Nils Folke Anderson A’94
Nils Folke Anderson is a painter and sculptor. He, his wife, Alexandra Posen and their children live in the Red Hook section of Brooklyn. Nils graduated from The Cooper Union School of Art in 1994, and earned an MFA from Hunter College in 2007. He became President of the CUAA on July 1, 2015.
He was recently interviewed by Mary Lynch, ChE’82.
Did you grow up in New York City?
No. I was born in Washington, DC and grew up on a small farm in northern Virginia. It was not a working farm, though we grew a lot of our own food and raised some hogs. The oldest part of our home was a log cabin built in the 1750s. When I was about 14, my family moved to downtown Baltimore so that my mother could attend the Maryland Institute of College of Art. My mother had been an art teacher in my elementary school. After getting her BFA at MICA she went on to get her MFA at the New York Academy of Figurative Art around the same time I was at Cooper.
What did your father do?
My father is an anti-trust lawyer. He worked at the Justice Department and for a time was lead attorney on the break-up of AT&T. Both of my parents infused me with a strong sense of social justice. It is because of that calling for social justice that I feel a very special bond with Cooper. I am awed by the role that Cooper – especially the Great Hall—has played in the promotion of many important causes.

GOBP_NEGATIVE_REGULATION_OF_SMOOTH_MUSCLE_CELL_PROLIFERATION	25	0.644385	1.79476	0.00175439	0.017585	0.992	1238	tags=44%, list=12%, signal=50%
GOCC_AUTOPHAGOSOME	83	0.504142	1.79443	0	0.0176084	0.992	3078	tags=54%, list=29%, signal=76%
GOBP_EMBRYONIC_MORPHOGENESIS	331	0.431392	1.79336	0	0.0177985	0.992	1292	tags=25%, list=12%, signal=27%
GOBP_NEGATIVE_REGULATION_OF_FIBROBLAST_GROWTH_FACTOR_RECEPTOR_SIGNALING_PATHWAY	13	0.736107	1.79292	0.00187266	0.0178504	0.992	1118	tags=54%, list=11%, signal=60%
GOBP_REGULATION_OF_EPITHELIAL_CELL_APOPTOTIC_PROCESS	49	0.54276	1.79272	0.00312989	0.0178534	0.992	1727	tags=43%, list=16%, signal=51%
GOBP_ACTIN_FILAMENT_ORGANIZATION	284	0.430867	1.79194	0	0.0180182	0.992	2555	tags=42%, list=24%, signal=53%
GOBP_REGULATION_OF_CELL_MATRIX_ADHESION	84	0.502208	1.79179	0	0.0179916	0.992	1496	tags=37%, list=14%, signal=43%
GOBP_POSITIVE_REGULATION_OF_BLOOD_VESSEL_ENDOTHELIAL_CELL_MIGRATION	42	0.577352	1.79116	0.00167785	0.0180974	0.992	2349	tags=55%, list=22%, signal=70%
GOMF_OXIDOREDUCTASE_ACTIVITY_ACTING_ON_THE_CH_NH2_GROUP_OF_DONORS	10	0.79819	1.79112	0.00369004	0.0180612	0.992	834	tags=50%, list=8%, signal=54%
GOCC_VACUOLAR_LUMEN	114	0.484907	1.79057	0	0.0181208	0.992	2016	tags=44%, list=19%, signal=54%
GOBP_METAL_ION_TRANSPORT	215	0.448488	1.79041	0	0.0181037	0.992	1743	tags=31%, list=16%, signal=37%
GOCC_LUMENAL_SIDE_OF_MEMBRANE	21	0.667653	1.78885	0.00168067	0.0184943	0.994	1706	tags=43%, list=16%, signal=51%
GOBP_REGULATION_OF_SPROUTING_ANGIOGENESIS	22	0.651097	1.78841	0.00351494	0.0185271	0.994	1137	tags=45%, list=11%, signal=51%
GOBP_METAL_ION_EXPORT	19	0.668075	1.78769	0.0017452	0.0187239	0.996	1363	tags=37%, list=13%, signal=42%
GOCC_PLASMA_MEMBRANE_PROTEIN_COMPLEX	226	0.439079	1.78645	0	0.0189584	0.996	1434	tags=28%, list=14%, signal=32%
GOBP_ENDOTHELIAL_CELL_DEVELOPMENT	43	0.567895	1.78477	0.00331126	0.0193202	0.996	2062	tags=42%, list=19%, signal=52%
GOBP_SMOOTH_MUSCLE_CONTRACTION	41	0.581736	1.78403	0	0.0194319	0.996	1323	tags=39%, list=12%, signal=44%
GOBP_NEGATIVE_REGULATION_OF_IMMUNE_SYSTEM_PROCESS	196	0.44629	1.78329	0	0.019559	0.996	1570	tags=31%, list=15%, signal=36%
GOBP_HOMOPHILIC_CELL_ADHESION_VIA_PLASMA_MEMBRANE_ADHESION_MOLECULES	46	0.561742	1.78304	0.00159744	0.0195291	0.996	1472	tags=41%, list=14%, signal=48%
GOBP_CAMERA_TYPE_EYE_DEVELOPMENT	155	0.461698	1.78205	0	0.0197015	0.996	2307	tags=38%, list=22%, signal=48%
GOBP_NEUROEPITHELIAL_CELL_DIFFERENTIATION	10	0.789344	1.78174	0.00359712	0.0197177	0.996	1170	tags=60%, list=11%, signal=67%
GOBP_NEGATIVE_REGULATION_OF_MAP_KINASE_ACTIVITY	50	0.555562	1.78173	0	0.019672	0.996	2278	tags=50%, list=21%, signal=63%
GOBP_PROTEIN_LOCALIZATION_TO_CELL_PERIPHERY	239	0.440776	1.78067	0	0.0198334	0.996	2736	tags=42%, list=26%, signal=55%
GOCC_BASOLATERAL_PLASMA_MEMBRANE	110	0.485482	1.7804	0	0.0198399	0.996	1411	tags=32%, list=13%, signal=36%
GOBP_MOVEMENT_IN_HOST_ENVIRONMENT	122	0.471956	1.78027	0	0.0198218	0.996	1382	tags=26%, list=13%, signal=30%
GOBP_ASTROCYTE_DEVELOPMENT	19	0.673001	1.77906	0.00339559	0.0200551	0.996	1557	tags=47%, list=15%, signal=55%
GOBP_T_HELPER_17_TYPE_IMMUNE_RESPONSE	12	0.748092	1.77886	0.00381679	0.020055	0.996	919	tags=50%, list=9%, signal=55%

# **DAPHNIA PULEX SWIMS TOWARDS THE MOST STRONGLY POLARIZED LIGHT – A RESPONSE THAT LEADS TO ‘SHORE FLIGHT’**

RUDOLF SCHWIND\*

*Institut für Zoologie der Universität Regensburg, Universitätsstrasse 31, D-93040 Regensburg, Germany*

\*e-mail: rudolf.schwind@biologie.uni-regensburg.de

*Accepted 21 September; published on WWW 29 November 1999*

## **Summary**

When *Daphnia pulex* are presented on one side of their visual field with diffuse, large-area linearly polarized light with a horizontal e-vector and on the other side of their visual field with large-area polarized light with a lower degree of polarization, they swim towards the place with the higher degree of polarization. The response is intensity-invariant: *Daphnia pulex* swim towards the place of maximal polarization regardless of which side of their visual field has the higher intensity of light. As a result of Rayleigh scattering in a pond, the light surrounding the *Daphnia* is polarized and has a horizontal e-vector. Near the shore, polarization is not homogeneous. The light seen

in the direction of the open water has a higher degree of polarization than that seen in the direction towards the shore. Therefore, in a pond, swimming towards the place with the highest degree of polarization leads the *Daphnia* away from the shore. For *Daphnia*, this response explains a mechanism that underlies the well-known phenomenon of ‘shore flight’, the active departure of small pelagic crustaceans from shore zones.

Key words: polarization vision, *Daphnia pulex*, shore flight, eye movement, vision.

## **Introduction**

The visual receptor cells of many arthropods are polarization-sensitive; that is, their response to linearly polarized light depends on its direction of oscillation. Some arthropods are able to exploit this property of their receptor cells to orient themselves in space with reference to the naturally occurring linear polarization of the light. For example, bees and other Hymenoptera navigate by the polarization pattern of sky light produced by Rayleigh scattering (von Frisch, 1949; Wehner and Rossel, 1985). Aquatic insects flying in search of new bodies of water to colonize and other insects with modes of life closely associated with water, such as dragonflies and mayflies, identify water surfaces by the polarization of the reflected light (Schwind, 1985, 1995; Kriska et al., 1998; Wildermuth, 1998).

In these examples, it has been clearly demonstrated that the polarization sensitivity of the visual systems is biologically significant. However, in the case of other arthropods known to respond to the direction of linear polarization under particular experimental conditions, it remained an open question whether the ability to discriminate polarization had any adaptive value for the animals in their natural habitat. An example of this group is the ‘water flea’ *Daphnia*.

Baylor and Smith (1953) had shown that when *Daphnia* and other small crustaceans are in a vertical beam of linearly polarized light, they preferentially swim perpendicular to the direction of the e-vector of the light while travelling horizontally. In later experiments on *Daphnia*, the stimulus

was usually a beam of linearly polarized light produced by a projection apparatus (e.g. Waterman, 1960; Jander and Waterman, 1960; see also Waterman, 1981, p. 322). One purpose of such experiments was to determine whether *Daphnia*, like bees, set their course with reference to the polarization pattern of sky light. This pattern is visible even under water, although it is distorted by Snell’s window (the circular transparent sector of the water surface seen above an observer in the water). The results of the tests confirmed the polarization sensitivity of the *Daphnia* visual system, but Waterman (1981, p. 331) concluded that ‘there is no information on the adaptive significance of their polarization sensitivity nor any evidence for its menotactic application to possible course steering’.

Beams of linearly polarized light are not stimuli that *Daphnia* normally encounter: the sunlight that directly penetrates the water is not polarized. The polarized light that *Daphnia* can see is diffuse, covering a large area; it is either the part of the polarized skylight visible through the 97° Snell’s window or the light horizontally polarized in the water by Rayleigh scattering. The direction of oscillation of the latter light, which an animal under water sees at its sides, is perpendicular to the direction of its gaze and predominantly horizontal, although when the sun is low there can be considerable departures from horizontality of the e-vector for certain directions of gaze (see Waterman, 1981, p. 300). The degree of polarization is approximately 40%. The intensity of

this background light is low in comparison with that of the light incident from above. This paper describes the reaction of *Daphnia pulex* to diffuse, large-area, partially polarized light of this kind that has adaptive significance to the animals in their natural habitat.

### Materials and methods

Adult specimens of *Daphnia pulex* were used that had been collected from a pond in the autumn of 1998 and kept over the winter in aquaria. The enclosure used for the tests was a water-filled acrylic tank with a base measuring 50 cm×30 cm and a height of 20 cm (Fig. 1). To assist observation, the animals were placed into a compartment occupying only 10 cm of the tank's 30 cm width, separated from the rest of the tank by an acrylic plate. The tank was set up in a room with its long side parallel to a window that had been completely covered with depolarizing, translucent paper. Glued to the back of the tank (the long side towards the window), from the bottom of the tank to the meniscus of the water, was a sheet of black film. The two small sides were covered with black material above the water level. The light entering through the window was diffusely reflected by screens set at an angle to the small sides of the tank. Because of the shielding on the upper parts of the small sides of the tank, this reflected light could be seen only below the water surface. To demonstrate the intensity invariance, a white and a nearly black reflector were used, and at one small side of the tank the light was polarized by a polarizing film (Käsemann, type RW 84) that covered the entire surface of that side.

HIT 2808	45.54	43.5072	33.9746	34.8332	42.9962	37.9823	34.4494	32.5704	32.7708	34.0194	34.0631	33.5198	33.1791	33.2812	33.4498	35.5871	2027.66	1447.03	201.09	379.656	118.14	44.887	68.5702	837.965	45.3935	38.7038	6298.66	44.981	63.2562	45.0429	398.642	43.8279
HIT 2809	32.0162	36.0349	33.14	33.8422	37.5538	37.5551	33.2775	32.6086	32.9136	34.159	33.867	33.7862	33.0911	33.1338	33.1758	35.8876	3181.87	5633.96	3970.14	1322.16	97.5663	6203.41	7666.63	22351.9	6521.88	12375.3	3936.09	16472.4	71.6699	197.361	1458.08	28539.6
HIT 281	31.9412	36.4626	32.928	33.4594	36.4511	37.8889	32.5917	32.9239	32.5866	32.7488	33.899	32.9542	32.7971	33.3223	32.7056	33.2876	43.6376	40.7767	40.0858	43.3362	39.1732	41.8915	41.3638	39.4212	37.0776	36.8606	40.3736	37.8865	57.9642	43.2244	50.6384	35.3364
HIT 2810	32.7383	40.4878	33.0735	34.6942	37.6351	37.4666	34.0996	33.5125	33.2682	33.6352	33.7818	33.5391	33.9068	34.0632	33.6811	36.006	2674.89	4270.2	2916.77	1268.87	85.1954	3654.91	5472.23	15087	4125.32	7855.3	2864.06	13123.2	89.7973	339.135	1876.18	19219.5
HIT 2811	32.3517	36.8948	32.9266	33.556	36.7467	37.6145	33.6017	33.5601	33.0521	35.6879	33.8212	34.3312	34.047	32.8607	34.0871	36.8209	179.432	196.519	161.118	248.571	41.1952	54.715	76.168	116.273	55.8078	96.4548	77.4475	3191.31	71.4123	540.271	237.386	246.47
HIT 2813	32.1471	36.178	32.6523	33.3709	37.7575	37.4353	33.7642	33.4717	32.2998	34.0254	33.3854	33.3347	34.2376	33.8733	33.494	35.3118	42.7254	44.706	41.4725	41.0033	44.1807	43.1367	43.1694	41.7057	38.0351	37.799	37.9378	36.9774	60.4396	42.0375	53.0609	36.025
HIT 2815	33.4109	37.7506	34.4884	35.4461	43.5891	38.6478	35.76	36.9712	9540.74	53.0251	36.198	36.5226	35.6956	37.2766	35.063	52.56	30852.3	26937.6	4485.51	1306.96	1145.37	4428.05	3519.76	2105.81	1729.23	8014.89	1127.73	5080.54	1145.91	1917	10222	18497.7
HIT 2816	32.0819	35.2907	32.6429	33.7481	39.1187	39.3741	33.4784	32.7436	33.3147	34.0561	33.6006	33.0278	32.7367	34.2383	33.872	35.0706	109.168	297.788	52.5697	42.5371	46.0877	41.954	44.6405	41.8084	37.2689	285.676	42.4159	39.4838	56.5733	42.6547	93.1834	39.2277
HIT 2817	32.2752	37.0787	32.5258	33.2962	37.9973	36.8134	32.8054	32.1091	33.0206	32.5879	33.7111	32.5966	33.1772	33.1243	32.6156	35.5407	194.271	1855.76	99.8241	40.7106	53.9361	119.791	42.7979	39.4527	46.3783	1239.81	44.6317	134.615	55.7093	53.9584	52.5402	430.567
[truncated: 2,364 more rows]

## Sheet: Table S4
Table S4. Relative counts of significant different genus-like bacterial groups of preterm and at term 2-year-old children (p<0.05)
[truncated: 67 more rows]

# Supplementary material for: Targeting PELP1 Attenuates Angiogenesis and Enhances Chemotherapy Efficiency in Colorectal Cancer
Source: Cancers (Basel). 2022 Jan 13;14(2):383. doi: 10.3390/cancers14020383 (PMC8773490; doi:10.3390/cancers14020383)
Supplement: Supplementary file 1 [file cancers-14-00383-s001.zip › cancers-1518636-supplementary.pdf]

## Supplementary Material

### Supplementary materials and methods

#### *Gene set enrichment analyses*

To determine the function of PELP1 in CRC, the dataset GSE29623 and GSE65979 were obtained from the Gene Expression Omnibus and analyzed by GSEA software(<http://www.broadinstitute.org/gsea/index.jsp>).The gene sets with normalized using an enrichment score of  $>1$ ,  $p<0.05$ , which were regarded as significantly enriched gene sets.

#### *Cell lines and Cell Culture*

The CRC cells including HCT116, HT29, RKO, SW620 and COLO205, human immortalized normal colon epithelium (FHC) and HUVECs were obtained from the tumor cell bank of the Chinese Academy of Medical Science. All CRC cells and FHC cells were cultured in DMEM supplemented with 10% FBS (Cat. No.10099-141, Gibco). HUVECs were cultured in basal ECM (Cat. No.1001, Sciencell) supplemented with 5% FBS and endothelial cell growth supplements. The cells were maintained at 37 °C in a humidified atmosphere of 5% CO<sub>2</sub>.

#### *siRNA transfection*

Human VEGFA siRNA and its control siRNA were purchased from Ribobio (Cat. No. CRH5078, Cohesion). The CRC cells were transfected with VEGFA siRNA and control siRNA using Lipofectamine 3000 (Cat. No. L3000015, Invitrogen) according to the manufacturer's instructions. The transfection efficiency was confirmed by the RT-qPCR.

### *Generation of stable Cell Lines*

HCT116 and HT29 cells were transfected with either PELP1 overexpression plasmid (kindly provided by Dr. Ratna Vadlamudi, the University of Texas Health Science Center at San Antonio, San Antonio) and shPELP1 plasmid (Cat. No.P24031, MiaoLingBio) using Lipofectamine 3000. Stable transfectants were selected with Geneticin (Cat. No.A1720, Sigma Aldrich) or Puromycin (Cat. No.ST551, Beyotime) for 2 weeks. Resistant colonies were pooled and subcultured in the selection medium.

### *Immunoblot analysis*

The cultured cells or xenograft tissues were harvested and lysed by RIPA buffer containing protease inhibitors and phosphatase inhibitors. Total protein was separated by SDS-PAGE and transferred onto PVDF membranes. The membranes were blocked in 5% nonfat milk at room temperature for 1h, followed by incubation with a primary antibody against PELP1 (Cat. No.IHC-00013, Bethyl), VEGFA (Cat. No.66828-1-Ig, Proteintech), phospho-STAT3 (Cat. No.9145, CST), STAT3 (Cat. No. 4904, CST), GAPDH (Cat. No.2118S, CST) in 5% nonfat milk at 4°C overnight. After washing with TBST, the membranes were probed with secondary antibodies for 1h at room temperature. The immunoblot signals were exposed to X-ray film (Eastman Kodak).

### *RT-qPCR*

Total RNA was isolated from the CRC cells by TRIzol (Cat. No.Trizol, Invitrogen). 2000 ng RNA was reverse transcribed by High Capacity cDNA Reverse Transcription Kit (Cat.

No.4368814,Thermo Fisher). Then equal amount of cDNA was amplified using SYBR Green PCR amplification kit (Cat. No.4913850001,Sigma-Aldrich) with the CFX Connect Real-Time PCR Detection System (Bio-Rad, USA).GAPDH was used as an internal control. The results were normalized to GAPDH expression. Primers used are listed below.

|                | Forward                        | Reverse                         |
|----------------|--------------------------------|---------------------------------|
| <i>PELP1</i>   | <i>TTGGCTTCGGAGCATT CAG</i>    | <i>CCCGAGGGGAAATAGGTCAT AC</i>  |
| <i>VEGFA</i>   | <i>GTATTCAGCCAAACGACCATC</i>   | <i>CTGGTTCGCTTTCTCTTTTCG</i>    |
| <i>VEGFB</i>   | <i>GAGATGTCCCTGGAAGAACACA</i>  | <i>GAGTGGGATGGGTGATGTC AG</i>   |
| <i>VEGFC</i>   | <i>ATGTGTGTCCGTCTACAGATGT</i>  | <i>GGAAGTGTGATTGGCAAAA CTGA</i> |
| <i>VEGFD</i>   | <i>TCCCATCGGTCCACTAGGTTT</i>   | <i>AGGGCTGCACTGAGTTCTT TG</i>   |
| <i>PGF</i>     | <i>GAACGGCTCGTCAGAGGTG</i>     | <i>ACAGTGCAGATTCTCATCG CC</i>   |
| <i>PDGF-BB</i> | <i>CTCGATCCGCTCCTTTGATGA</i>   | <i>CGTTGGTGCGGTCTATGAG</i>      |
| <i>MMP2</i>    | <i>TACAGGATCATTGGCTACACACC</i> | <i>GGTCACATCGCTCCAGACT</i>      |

When did you first hear about The Cooper Union?
I first heard of The Cooper Union on Portfolio Day at the Maryland Institute. I was there in this big room with lots of school representatives and many tables with long lines; and thankfully one of the reps was speaking loudly, saying she didn’t want to see any more paintings made from photographs. My mother heard her and this jogged her memory. My mother had grown up in Brooklyn and had heard of the Cooper Union, but forgotten about it until she heard this woman. So I brought my portfolio to the Cooper Union table and it was reviewed by Niki Logis who would later become one of my favorite professors.
What were some of your favorite classes and who influenced you while you were at Cooper?